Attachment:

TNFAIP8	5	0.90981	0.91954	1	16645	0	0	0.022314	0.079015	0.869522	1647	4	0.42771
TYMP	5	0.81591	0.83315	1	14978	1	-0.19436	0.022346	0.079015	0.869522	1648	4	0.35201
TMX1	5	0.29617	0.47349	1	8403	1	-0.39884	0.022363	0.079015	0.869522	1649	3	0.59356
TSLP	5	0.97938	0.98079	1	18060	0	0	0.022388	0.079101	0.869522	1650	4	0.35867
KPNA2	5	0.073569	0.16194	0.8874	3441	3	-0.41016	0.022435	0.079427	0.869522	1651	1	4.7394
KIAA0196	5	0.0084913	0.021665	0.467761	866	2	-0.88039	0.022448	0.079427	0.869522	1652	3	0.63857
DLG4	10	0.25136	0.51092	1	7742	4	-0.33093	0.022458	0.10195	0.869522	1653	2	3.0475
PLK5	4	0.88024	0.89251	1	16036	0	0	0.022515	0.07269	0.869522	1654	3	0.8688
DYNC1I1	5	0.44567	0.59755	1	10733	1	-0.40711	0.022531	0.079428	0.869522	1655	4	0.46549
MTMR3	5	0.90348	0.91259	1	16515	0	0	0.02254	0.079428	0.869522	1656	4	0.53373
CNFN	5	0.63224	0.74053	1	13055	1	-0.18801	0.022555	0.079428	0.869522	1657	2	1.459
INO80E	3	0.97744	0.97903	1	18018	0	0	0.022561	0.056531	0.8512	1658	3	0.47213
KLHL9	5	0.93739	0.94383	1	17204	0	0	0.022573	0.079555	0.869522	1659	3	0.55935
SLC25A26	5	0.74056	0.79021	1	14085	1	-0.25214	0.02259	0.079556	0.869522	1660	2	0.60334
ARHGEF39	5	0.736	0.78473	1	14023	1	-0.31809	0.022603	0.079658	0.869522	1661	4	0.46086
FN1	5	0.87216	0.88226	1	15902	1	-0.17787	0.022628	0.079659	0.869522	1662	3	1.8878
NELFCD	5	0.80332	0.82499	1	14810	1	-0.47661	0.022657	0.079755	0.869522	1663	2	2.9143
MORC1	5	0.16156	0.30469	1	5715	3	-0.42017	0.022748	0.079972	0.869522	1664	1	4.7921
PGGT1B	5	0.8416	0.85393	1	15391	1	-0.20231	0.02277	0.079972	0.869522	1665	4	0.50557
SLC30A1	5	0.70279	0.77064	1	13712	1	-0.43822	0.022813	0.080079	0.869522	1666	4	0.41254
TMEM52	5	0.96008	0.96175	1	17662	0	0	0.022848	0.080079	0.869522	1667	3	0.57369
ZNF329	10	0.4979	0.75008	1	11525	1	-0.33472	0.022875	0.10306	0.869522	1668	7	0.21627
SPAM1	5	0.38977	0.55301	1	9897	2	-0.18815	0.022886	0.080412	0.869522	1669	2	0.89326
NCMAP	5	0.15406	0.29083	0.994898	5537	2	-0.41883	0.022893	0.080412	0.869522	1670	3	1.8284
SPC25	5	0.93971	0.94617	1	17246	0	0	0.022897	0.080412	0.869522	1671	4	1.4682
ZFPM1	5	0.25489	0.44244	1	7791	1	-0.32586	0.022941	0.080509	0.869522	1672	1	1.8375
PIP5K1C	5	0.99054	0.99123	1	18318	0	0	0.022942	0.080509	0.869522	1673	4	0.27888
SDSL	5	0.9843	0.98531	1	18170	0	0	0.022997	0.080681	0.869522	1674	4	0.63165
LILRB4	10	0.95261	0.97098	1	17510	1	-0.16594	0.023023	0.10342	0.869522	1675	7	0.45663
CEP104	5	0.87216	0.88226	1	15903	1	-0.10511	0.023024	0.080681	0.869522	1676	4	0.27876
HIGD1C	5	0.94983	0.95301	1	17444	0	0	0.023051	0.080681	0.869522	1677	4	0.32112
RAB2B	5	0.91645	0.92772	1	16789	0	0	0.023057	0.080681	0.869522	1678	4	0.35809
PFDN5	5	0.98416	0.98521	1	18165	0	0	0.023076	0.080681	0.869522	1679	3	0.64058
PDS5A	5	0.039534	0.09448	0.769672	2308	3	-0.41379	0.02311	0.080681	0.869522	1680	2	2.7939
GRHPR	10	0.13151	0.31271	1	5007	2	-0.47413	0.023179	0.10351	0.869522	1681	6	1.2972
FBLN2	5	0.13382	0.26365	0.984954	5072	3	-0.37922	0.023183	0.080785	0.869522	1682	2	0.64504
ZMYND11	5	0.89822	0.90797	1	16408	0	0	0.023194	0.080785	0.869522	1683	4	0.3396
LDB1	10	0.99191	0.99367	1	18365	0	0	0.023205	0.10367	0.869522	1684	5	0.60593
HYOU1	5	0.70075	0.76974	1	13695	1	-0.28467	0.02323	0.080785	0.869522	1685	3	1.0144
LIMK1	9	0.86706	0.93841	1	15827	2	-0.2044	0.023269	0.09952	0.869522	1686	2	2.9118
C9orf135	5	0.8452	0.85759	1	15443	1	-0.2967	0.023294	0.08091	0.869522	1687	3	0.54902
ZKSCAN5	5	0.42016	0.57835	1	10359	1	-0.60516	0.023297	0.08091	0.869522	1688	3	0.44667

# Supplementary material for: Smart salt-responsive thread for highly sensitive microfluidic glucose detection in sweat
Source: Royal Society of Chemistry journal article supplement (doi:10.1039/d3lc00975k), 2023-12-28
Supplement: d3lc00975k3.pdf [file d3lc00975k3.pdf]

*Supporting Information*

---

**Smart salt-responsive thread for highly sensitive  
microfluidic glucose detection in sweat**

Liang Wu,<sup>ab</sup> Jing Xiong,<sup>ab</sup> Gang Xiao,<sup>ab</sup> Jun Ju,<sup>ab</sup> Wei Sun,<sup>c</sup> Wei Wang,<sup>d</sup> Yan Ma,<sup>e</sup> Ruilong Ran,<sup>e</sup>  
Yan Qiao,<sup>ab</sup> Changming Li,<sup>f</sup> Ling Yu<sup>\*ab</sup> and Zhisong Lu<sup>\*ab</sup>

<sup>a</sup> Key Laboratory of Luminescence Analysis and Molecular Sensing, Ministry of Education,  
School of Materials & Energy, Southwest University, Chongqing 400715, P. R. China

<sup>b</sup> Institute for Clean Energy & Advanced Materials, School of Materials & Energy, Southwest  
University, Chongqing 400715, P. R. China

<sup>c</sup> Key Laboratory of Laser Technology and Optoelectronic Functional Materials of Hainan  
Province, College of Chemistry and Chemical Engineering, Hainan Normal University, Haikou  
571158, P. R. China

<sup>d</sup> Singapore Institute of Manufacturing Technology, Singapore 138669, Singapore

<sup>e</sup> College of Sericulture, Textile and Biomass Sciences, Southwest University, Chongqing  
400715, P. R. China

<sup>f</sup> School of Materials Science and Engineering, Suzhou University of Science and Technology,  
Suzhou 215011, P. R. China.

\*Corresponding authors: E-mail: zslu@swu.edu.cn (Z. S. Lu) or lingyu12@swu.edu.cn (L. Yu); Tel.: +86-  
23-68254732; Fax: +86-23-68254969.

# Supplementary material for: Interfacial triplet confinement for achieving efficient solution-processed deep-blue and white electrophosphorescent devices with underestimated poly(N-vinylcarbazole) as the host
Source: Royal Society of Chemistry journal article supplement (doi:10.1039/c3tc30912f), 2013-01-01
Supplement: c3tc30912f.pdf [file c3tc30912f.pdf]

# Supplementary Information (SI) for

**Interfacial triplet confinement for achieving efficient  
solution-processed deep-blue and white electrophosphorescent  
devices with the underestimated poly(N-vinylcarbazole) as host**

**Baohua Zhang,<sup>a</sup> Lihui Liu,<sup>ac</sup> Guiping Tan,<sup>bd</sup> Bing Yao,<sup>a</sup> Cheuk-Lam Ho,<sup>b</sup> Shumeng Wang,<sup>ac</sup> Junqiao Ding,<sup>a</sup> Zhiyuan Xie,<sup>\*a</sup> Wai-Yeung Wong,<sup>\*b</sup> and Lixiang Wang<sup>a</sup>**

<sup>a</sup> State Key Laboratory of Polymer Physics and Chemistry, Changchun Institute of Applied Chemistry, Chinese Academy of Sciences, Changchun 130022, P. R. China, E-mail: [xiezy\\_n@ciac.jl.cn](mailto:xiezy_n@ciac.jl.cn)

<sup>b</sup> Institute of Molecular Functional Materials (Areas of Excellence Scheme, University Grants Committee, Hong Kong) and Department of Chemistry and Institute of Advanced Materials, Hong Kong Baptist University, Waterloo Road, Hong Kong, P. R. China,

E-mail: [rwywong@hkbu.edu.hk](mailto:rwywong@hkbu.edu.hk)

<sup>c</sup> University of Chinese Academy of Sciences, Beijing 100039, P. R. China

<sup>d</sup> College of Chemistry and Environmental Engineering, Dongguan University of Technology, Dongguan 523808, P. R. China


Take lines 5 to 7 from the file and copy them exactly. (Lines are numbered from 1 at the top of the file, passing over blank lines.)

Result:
KPNA2	5	0.073569	0.16194	0.8874	3441	3	-0.41016	0.022435	0.079427	0.869522	1651	1	4.7394
KIAA0196	5	0.0084913	0.021665	0.467761	866	2	-0.88039	0.022448	0.079427	0.869522	1652	3	0.63857
DLG4	10	0.25136	0.51092	1	7742	4	-0.33093	0.022458	0.10195	0.869522	1653	2	3.0475